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  • Highly unstable individuals with liver failure who:

    • Are candidates for liver transplantation

    • Have no immediately available liver grafts for transplantation

    • Have severe physiologic derangements

      • Unresponsive to therapy

      • Entirely attributable to their liver failure

  • Causes of liver failure:

    • Fulminant hepatic failure associated with massive necrosis

    • Acute graft failure associated with massive necrosis

    • Primary graft nonfunction

    • Massive trauma with exsanguination

    • Spontaneous hepatic rupture

    • Massive uncontrolled hemorrhage

    • Other

  • “Toxic liver syndrome”

    • Total liver necrosis

    • Cardiovascular shock

    • Renal failure

    • Likely respiratory failure

  • Need for:

    • Vasopressor support

    • Renal replacement therapy

    • Mechanical ventilation

  • The decision to proceed with emergency total hepatectomy as the first of a 2-stage transplant procedure should take into consideration:

    • High mortality associated with:

      • Current condition

      • Anhepatic state

    • Whether total hepatectomy will bring enough stability to justify transplantation

    • Extent and reversibility of multiorgan failure

    • Presence of sepsis

    • Neurologic status

  • Intensive medical management is required to maintain some stability during the anhepatic phase.

  • In instances where a liver graft becomes available, it should be determined that the recipient is stable enough to tolerate the implantation.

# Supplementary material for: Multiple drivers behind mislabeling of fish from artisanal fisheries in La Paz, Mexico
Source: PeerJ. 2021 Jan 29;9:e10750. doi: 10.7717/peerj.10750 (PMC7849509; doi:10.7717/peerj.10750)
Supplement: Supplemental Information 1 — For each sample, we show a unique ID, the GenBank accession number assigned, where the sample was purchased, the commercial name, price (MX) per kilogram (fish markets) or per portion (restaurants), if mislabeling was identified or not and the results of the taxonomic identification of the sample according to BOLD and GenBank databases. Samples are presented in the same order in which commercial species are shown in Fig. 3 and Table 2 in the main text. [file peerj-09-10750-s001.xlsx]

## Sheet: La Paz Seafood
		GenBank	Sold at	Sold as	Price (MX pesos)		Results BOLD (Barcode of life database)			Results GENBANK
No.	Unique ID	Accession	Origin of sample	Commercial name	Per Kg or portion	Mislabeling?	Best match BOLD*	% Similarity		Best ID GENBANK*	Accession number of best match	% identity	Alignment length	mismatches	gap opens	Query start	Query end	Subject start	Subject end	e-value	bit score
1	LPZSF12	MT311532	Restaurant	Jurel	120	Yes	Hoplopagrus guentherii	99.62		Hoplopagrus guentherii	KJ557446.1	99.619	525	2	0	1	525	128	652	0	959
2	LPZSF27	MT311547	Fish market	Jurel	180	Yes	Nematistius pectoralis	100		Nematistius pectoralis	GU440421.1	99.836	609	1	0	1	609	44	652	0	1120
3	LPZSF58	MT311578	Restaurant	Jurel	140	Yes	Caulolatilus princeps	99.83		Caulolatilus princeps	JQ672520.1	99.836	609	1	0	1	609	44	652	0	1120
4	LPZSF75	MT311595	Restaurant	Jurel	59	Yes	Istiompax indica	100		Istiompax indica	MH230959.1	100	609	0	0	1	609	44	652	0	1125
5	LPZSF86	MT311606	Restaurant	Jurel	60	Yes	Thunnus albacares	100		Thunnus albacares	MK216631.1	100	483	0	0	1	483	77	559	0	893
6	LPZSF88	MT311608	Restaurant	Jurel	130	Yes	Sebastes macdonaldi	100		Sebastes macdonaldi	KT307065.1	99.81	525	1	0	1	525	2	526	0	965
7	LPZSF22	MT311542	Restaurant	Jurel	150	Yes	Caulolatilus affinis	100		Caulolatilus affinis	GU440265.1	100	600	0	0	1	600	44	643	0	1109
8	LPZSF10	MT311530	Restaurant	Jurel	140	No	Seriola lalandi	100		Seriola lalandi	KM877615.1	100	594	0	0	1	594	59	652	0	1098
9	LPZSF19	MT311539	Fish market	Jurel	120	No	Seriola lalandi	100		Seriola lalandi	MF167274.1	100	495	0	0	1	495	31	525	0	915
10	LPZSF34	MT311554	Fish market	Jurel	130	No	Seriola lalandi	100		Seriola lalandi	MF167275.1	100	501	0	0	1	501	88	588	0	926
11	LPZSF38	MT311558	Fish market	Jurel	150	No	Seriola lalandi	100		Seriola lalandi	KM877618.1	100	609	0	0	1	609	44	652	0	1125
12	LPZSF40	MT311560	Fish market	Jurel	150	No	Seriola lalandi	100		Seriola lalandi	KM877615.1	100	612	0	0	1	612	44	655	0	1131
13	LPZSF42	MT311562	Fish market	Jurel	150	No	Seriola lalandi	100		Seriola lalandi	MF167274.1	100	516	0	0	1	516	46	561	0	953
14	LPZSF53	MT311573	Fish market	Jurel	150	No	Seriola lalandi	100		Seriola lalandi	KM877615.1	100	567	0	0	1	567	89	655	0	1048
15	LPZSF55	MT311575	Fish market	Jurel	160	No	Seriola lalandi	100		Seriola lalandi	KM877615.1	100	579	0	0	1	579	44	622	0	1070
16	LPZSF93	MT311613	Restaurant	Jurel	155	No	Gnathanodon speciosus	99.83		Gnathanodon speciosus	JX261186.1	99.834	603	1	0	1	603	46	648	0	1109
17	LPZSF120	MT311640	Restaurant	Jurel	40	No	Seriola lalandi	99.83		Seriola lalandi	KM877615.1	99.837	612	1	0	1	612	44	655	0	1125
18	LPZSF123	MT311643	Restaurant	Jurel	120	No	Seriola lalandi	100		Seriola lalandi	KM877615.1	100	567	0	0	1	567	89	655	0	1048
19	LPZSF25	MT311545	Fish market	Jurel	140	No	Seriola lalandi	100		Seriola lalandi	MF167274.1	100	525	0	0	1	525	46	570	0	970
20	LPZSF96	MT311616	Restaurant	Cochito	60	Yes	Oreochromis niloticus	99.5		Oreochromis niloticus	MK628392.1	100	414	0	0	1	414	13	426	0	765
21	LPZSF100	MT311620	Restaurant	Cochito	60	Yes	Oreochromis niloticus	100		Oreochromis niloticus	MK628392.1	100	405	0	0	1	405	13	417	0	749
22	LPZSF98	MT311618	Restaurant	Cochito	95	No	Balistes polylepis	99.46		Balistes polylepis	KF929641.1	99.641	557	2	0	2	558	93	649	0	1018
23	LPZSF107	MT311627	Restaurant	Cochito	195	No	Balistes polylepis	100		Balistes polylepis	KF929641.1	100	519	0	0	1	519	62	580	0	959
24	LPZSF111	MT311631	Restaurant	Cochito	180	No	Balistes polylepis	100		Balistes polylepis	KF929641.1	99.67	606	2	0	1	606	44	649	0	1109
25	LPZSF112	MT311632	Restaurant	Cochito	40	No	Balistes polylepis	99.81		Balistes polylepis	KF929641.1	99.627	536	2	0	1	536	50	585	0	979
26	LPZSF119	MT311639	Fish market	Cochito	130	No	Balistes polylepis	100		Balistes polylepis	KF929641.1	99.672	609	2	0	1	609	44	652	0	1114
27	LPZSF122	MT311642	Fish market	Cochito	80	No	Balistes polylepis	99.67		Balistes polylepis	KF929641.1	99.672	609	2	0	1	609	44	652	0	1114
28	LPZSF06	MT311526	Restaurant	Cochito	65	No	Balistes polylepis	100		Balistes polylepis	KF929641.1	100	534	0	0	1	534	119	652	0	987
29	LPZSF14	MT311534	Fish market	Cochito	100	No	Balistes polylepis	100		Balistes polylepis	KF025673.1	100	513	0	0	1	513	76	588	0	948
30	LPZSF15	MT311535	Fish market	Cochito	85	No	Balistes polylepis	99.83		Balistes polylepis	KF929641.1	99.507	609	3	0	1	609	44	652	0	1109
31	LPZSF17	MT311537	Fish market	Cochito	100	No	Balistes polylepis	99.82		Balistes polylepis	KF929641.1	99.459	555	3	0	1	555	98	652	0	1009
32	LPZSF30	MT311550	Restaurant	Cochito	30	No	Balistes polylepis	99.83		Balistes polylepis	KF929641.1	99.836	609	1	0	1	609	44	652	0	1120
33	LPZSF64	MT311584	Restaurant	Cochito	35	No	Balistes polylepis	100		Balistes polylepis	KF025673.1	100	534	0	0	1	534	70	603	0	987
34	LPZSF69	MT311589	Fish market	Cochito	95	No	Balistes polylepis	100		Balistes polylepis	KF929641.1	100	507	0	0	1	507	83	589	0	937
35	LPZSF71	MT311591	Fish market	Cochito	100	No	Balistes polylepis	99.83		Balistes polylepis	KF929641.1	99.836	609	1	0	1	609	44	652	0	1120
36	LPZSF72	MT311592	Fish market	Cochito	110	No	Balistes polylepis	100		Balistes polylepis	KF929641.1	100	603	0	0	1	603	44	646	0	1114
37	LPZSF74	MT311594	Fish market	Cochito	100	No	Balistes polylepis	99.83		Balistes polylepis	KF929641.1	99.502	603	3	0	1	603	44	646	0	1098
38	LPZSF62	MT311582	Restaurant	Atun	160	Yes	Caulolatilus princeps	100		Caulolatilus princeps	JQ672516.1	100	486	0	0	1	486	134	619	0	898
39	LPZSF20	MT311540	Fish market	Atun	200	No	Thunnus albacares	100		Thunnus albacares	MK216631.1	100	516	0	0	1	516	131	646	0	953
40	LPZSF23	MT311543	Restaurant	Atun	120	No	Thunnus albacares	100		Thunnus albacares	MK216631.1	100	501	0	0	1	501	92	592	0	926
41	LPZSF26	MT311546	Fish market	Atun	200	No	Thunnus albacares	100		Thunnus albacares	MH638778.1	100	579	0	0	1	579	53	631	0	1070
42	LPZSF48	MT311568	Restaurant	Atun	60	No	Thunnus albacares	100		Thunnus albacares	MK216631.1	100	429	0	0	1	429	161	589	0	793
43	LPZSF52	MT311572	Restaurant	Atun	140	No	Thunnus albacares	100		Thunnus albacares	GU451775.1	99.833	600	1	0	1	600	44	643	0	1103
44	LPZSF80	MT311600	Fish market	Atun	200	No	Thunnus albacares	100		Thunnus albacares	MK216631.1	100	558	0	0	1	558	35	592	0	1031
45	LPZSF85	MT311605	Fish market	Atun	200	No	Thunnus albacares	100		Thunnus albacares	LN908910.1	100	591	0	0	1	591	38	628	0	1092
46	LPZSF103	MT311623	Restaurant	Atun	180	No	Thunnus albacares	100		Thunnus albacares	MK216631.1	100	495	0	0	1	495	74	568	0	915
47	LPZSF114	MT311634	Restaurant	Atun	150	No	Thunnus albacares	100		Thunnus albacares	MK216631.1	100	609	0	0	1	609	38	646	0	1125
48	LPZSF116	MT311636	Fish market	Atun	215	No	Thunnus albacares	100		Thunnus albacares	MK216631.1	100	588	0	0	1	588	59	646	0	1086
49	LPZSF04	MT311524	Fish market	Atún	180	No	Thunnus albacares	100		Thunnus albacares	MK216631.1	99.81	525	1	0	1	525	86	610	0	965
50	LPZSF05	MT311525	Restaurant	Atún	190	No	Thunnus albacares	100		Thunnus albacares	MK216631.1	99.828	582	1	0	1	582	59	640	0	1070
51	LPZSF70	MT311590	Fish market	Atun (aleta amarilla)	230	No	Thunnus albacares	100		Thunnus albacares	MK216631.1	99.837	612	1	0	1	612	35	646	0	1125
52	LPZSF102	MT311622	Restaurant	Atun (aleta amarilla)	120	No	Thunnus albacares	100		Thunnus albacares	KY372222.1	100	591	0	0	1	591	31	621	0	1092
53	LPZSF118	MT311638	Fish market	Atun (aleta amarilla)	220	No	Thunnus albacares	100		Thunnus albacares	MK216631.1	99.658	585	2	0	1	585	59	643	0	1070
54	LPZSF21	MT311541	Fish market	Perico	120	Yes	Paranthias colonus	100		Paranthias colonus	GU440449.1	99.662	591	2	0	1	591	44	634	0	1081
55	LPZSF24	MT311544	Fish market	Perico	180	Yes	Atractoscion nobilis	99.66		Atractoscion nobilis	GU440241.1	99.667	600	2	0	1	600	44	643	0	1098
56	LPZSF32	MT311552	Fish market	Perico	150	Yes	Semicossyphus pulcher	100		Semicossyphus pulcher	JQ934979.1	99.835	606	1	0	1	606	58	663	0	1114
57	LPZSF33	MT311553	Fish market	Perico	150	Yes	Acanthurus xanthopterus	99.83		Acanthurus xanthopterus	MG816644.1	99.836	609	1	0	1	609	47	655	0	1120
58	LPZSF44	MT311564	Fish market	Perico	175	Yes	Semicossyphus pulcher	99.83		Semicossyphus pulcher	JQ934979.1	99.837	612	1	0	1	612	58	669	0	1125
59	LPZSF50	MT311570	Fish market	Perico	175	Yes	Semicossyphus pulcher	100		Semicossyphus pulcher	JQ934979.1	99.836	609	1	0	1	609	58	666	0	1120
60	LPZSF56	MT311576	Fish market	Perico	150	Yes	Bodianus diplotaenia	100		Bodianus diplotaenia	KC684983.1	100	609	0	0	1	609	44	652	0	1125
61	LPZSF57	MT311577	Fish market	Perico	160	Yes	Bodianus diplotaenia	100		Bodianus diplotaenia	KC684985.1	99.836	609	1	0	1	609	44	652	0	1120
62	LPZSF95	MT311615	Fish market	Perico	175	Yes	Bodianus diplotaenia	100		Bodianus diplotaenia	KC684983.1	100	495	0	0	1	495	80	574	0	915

• Total hepatectomy is performed according to the technique chosen for liver transplantation.

  • We prefer to preserve the retrohepatic IVC.

  • Once the liver is removed, the suprahepatic veins are oversewn (Figs. 76-1 and 76-2).

  • A temporary portocaval shunt is then constructed (Figs. 76-3 and 76-4).

  • In instances where the retrohepatic IVC is removed, an external venovenous bypass can be instituted.

  • Hemostasis should be carefully monitored, since during the anhepatic phase no hepatic coagulation factors are produced and all support is via infused products.

  • When a liver graft is available and the recipient considered suitable for transplantation, implantation is undertaken according to the surgeon’s technique of choice.


The native liver has been removed, and the confluence of the hepatic veins into the IVC is being sutured (green arrow).


The hepatic veins have been completely oversewn (green arrow). The retrohepatic IVC (blue arrows) has been preserved in its entirety.


The portal vein (yellow arrow) has been anastomosed in an end-to-side fashion (white arrow) onto the IVC (blue arrow).


Finalized temporary portocaval shunt for emergency hepatectomy. The hepatic veins have been oversewn (green arrow) and the portal vein (yellow arrow) anastomosed in an end-to-side fashion (white arrow) onto the IVC (blue arrow).


Guirl  MJ, Weinstein  JS, Goldstein  RM, Levy  MF, Klintmalm  GB. Two-stage total hepatectomy and liver transplantation for acute deterioration of chronic liver disease: A new bridge to transplantation. Liver Transpl. 2004;10(4):564–570.  [PubMed: 15048803] ...

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